Twins retire Joe Mauer's number 7 in a surprise ceremony at his high school alma mater

Mauer is the eighth to have his number retired by the Twins

December 18, 2018 - 8:43 am

He's now among the most elite company in Twins history.

It was announced Tuesday that Joe Mauer will have his number 7 retired.

The six-time All-Star was surprised with the announcement during a gathering at his alma mater, Cretin-Derham Hall High School in St. Paul. 

"Wow!" said Mauer. "Wasn't expecting this, that's for sure."

Taking part in the ceremony were Kent Hrbek, Bert Blyleven, Tony Oliva, and Tom Kelly, three other Twins whose numbers are retired.

"I've looked up to every one of you guys up here on this podium," he said. "To be with you here today is very special. I'm not even comprehending what it's going to be like to see number seven up there with you guys' numbers. It's going to be real special, too."

The surprise ceremony, aired live on WCCO radio, took place at the school's field house, which is named after Mauer.

Earlier, Gov. Mark Dayton appeared on a video screen at the field house to declare Tuesday Joe Mauer Day in Minnesota.

“In 2001 at age 18, Joe was chosen as the first overall draft pick for the Minnesota Twins,” reads the proclamation. “Joe Mauer will forever be recognized as one of Minnesota’s all-time greatest athletes, and will continue to inspire future generations of girls and boys with his exceptional talent and character.”

He now joins a list that is considered one of the highest team honor in sports. Other Twins similarily honored include Hrbek (14) Kelly (10), Oliva (6) and Blyleven (28), with Harmon Killebrew (3), Rod Carew (29), and Kirby Puckett (34) also on that list.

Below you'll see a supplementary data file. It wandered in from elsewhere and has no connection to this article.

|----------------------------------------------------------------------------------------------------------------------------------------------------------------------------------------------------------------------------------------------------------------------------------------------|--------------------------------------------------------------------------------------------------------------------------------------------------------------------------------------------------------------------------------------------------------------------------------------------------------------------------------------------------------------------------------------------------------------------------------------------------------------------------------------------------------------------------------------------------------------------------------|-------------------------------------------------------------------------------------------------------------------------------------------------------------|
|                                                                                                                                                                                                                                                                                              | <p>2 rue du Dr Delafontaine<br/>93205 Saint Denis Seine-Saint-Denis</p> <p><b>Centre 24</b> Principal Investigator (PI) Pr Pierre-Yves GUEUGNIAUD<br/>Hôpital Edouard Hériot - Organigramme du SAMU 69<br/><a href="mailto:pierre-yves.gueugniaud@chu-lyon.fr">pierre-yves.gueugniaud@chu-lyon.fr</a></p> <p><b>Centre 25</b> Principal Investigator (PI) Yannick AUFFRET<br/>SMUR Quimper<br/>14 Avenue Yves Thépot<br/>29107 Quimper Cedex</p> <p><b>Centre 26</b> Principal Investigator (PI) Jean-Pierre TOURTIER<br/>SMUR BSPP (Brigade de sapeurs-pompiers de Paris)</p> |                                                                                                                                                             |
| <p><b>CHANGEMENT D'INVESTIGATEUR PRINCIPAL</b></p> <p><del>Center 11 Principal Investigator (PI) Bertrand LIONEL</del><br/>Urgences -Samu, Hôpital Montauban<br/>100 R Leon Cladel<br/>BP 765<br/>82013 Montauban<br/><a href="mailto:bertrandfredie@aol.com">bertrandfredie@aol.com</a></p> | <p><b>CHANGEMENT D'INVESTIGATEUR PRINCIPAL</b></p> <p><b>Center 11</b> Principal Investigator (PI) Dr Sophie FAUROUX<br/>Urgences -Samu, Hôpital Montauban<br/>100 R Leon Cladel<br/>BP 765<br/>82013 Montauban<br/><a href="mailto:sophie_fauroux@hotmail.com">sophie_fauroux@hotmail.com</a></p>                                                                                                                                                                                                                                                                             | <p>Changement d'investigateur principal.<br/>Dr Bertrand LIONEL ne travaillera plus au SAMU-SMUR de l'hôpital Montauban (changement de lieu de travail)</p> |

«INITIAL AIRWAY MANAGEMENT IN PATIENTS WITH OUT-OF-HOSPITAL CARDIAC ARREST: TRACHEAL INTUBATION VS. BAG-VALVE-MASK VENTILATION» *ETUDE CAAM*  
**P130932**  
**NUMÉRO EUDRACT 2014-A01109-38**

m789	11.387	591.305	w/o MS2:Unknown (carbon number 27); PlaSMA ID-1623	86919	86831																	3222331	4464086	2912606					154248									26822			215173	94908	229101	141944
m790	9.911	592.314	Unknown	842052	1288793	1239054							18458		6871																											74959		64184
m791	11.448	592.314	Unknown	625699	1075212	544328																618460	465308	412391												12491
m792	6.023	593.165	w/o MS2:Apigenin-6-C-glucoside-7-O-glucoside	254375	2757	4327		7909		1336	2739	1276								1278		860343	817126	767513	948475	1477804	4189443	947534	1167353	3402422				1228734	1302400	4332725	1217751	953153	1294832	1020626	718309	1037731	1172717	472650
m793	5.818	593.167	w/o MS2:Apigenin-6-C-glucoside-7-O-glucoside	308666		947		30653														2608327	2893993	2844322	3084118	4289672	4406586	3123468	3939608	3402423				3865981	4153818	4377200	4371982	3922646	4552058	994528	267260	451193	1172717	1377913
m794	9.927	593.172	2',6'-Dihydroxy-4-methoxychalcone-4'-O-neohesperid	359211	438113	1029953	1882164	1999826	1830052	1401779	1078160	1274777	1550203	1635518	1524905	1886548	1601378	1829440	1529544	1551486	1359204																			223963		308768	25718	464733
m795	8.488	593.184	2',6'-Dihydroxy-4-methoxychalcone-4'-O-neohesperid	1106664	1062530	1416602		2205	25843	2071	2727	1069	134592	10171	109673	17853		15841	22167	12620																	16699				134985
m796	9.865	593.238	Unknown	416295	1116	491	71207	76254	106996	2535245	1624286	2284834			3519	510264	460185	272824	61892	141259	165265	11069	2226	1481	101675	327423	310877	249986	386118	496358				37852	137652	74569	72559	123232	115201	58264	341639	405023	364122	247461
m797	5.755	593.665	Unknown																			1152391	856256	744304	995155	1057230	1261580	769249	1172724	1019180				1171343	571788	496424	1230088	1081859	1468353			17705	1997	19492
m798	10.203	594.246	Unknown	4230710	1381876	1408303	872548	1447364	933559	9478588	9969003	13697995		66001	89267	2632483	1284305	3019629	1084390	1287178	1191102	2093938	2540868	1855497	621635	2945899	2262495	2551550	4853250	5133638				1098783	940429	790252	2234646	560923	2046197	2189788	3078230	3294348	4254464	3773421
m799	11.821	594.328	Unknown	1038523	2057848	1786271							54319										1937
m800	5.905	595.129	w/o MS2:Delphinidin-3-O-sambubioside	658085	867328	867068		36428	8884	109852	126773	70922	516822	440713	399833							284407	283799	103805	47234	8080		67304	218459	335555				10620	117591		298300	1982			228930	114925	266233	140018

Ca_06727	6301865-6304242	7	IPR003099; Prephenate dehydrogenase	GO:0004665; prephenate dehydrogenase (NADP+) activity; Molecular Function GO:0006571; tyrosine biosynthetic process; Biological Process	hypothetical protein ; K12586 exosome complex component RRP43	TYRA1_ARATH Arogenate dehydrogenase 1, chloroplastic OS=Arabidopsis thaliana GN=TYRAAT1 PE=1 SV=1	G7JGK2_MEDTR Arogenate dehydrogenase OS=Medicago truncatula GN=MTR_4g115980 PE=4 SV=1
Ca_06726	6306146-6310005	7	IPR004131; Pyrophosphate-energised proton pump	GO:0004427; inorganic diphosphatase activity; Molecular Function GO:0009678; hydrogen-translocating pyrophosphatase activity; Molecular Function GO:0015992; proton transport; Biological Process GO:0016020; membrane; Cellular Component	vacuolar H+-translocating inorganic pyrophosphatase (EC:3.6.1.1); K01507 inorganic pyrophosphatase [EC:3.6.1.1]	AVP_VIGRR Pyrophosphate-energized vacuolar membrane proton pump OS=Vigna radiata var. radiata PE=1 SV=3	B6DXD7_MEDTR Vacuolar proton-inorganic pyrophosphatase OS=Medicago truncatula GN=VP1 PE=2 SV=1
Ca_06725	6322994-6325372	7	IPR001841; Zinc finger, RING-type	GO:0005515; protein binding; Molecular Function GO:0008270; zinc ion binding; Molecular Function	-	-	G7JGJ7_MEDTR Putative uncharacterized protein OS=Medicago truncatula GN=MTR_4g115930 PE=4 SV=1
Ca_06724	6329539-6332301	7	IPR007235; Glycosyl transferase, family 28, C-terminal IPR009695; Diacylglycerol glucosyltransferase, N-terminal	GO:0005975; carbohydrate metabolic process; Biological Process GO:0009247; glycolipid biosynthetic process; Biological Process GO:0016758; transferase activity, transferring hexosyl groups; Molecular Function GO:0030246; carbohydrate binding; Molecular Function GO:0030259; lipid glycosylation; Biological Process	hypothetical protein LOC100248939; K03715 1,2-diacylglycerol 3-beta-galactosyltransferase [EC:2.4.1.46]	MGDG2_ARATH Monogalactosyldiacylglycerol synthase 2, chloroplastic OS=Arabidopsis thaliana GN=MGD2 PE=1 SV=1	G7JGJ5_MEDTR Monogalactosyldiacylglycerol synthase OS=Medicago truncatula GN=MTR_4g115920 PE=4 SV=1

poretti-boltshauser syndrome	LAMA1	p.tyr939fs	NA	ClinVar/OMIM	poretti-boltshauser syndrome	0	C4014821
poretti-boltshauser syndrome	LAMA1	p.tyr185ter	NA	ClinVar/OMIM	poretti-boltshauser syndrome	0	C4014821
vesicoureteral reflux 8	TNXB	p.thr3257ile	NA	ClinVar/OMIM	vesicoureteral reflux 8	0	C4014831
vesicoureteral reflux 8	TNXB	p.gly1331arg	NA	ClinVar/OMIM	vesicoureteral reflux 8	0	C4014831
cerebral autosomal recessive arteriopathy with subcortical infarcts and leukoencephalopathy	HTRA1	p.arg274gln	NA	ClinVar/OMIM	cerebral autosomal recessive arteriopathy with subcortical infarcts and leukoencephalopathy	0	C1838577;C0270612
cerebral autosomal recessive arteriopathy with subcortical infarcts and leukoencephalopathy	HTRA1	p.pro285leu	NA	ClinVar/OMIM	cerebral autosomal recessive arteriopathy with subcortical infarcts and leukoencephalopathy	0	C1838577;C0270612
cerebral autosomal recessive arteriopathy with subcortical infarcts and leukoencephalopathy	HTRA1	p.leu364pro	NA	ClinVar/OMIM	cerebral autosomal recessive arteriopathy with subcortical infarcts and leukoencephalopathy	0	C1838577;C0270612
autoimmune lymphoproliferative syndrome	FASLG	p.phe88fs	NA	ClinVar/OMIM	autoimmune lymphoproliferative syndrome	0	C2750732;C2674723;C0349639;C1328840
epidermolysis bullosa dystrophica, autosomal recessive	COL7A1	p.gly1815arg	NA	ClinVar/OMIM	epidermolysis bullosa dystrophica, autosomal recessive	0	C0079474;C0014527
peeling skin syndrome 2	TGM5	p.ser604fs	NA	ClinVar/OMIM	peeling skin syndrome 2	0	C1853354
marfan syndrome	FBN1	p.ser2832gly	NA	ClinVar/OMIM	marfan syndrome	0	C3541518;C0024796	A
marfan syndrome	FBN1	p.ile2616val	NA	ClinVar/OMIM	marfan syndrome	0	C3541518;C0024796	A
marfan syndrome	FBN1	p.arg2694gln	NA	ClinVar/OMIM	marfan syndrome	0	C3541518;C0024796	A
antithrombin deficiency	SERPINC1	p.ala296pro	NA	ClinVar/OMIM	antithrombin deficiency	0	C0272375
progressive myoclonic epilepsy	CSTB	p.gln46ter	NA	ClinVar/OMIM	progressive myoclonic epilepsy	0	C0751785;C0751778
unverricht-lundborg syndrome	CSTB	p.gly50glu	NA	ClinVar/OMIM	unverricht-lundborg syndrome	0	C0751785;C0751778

The Twins' retired numbers are displayed in white circles trimmed in red adjacent to the left field foul pole at Target Field on the facing of the administration building's lower level.

A new white circle with the number 7 in red will be unveiled alongside the others during a pregame ceremony next summer.

The date for that game is not announced.

Mauer announced his retirement from baseball last month after completing his firtheenth season.

He played his entire professional career with the Twins, who chose him as the top overall selection in the 2001 Major League Draft.

Mauer is the only catcher in major league history to win three batting championships. He also won three Gold Glove Awards and was the American League Most Valuable in 2009.

The six-time All-Star finished his career with 2,123 hits, second-most in Twins history behind Hall of Famer Kirby Puckett. His career batting average was .306.

He ranks first on the Twins' all-time list in doubles (428) and times on base (3,087); second in games (1,858), hits (2,123) and walks (939); fifth in RBI (923) and 11th in home runs (143).

Mauer was a three-sport athlete at Cretin-Derham Hall, starring in football and basketball, as well as baseball. He was offered a full scholarship to play quarterback at Florida State before deciding on a baseball career.

Mauer played the final five years of his career at first base after suffering several concussions while catching. In his final game on Sept. 30, Mauer donned the catcher's gear for one pitch before leaving the game for good, with the crowd at Target Field giving him a standing ovation.

The emotional final curtain came after Mauer's last at-bat in which he legged out a double on a line drive in the left-center field gap against White Sox pitcher Juan Minaya.

A ninth number, 42, is also retired and hanging at Target Field. That number was worn by Jackie Robinson, the first African-American to play in the majors in the 20th century, and it was retired by MLB throughout all of baseball.

Jared Goyette, WCCO Radio

​Joe Mauer poses with his daughters and family after the ceremony